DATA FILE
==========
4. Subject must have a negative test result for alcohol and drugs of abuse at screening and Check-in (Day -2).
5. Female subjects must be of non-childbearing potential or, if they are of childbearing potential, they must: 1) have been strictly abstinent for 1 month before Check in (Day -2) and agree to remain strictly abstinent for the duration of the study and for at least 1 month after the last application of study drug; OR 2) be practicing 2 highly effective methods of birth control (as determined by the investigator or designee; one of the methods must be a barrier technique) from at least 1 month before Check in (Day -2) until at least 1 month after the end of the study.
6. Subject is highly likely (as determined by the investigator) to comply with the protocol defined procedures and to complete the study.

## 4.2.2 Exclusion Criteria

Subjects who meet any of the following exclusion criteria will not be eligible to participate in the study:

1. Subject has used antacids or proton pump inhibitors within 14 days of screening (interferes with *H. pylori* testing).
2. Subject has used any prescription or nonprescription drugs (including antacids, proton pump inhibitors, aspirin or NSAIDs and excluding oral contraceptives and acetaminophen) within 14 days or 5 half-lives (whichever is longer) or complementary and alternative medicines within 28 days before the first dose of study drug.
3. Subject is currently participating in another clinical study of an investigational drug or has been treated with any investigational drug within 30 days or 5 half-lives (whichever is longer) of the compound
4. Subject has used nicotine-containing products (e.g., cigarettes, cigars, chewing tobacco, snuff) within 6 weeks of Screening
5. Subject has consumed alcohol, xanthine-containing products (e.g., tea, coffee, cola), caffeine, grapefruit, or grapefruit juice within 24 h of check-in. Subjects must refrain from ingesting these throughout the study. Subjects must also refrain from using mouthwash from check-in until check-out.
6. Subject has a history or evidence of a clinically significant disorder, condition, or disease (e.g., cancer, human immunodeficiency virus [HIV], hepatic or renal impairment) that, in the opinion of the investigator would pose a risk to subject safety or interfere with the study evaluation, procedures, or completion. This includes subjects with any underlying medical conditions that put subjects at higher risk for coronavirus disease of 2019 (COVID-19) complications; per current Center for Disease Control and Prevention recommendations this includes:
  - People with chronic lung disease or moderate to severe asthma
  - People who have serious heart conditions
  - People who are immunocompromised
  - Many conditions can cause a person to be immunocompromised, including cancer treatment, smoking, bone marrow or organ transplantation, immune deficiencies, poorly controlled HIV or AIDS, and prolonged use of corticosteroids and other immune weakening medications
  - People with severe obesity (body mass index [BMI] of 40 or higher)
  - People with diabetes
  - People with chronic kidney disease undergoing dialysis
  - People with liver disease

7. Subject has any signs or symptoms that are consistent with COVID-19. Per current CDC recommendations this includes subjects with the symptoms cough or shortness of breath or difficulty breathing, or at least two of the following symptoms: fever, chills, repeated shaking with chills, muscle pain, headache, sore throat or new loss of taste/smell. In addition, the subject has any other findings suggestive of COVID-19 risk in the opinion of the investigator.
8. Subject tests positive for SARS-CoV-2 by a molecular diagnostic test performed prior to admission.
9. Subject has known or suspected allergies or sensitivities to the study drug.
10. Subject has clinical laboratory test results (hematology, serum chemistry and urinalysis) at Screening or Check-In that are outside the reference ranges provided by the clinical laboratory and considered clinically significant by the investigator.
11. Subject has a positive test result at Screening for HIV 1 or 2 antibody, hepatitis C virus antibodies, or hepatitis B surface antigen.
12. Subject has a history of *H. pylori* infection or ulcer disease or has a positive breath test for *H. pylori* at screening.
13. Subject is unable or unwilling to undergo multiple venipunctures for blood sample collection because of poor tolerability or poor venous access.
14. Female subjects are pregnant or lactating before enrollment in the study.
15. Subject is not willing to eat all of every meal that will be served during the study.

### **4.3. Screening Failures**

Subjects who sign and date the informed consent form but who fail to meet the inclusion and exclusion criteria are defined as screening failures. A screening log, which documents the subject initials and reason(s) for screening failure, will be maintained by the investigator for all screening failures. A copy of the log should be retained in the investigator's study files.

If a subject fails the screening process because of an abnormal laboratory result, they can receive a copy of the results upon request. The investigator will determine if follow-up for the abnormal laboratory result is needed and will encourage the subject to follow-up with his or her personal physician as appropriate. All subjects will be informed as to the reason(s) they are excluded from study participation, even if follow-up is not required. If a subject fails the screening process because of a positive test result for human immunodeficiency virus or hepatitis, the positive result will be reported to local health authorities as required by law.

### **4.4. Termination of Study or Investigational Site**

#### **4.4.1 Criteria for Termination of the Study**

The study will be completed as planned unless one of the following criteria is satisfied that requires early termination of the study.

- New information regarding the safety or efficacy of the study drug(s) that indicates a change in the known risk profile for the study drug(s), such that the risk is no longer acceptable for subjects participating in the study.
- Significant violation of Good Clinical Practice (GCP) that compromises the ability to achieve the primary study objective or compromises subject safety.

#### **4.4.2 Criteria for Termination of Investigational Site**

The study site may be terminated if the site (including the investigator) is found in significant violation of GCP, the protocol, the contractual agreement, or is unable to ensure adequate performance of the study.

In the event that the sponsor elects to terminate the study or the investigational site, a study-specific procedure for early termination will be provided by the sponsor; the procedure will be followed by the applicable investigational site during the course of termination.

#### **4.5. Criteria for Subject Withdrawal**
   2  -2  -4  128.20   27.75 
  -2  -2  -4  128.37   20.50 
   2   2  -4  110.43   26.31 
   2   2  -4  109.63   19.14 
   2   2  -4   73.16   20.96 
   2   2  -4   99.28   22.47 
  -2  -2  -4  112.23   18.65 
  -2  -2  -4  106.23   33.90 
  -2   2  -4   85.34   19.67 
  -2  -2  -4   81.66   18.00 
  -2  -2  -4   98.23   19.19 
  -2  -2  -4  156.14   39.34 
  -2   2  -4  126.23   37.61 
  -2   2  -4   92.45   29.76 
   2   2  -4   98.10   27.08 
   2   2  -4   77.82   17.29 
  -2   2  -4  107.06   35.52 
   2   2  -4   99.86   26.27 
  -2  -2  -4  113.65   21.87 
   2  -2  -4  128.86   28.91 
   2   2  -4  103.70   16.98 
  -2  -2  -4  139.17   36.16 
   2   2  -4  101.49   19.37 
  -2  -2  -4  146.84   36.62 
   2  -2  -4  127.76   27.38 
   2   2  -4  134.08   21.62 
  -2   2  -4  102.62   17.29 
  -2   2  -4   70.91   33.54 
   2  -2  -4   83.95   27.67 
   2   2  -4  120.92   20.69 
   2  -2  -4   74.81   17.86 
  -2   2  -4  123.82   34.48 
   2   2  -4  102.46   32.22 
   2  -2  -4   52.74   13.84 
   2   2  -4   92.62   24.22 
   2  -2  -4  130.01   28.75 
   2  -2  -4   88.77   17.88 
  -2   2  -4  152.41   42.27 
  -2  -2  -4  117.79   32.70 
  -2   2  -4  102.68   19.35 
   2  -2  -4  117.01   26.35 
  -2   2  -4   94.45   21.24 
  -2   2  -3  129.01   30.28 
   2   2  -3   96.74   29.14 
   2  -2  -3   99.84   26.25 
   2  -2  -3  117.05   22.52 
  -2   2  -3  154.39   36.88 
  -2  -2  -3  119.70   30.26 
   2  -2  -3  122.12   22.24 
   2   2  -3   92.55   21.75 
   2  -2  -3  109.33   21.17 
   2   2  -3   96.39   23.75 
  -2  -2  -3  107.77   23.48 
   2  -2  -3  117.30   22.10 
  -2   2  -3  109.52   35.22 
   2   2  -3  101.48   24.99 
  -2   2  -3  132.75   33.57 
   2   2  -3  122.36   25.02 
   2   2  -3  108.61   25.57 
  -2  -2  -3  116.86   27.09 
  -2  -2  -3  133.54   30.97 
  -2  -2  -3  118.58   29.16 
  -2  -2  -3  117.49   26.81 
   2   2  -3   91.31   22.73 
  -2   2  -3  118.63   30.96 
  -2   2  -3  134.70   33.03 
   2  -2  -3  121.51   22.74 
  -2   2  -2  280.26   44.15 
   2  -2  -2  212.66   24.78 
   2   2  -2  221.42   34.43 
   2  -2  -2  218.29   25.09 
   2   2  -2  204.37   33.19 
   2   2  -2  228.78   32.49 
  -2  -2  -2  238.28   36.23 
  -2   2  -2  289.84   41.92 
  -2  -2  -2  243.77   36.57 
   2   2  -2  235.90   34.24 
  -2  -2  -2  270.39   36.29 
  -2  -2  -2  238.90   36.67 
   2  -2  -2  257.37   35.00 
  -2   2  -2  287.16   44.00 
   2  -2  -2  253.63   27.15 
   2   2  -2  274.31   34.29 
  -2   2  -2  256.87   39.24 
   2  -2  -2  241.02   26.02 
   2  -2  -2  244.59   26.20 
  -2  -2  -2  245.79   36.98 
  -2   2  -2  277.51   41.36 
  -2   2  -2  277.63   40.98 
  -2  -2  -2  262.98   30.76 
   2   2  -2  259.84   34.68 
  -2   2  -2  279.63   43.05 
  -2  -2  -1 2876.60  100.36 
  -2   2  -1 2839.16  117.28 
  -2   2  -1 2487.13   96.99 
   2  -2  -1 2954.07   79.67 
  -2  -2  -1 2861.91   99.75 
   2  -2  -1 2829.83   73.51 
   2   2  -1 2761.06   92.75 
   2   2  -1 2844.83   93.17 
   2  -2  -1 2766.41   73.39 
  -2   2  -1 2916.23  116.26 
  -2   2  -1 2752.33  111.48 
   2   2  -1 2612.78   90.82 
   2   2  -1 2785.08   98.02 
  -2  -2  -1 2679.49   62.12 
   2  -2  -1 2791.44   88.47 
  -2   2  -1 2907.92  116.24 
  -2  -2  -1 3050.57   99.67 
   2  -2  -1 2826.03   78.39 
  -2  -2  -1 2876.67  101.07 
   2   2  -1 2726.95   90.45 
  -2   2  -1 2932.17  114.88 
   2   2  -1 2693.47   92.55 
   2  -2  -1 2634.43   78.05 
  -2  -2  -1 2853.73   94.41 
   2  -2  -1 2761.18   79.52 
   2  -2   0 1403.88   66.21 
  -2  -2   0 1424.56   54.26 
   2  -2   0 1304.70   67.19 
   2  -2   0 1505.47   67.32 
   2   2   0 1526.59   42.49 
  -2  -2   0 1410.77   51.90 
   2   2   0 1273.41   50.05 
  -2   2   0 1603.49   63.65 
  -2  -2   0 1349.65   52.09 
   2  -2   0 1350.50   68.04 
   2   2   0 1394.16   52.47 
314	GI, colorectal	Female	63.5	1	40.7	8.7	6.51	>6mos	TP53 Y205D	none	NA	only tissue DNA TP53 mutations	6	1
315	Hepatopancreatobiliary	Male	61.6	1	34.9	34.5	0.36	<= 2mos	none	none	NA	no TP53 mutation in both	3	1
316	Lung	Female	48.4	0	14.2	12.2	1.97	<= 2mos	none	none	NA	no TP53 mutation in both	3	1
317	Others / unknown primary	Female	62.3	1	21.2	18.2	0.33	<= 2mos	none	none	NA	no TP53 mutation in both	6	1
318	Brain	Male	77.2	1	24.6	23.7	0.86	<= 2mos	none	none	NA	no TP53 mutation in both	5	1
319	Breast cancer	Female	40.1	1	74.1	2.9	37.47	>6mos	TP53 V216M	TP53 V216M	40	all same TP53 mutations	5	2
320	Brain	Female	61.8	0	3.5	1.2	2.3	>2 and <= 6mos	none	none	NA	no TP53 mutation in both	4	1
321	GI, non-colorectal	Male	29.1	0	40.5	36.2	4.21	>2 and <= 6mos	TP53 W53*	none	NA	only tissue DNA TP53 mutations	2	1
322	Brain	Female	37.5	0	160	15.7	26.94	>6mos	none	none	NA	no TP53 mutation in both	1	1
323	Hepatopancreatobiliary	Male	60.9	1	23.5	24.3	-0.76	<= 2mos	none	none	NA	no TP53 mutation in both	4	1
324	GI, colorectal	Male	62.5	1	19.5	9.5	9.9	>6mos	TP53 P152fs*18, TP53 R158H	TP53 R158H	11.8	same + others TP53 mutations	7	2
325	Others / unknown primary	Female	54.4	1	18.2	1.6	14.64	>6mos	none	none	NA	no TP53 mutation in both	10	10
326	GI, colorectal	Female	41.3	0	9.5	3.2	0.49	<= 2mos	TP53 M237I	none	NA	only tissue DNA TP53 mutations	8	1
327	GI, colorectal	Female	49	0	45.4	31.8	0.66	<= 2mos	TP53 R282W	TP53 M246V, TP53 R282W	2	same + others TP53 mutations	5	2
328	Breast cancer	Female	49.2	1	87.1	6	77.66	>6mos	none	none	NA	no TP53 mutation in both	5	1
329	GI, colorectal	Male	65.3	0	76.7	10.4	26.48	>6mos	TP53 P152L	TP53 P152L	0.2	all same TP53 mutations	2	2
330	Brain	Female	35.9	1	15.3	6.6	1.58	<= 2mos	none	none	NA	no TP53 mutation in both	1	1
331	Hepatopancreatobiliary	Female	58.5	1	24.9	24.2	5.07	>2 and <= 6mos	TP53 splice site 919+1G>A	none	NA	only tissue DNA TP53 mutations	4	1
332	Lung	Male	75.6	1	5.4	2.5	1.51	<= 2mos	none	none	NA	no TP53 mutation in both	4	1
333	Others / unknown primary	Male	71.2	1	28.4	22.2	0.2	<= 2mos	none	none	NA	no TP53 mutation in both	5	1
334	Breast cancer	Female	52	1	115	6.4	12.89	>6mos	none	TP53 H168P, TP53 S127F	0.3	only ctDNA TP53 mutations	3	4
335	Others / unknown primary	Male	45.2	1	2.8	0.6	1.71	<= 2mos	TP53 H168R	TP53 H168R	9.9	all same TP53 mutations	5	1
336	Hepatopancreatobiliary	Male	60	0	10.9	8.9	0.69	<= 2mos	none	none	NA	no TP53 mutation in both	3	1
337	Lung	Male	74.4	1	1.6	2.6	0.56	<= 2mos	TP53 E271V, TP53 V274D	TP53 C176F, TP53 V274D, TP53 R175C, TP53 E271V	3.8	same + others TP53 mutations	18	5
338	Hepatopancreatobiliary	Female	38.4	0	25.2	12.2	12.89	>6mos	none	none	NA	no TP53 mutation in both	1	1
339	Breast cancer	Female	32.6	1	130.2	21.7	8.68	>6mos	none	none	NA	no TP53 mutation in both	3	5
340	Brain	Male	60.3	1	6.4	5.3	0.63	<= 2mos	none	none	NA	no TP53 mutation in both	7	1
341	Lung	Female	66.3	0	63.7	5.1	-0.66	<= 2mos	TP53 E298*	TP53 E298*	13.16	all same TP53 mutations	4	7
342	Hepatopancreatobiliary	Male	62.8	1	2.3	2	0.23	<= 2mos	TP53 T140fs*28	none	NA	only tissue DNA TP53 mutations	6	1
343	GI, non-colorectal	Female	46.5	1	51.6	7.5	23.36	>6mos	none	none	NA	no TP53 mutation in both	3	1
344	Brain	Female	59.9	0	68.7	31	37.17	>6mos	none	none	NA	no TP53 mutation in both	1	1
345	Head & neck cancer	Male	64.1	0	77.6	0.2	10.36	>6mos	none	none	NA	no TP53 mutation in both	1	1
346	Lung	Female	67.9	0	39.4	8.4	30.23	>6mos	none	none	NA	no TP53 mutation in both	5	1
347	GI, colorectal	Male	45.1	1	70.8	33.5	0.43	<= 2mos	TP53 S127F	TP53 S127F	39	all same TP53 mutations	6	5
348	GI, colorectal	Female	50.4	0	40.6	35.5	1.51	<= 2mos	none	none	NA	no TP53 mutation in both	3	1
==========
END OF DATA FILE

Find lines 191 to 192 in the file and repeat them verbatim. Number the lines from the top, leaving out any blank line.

336	Hepatopancreatobiliary	Male	60	0	10.9	8.9	0.69	<= 2mos	none	none	NA	no TP53 mutation in both	3	1
337	Lung	Male	74.4	1	1.6	2.6	0.56	<= 2mos	TP53 E271V, TP53 V274D	TP53 C176F, TP53 V274D, TP53 R175C, TP53 E271V	3.8	same + others TP53 mutations	18	5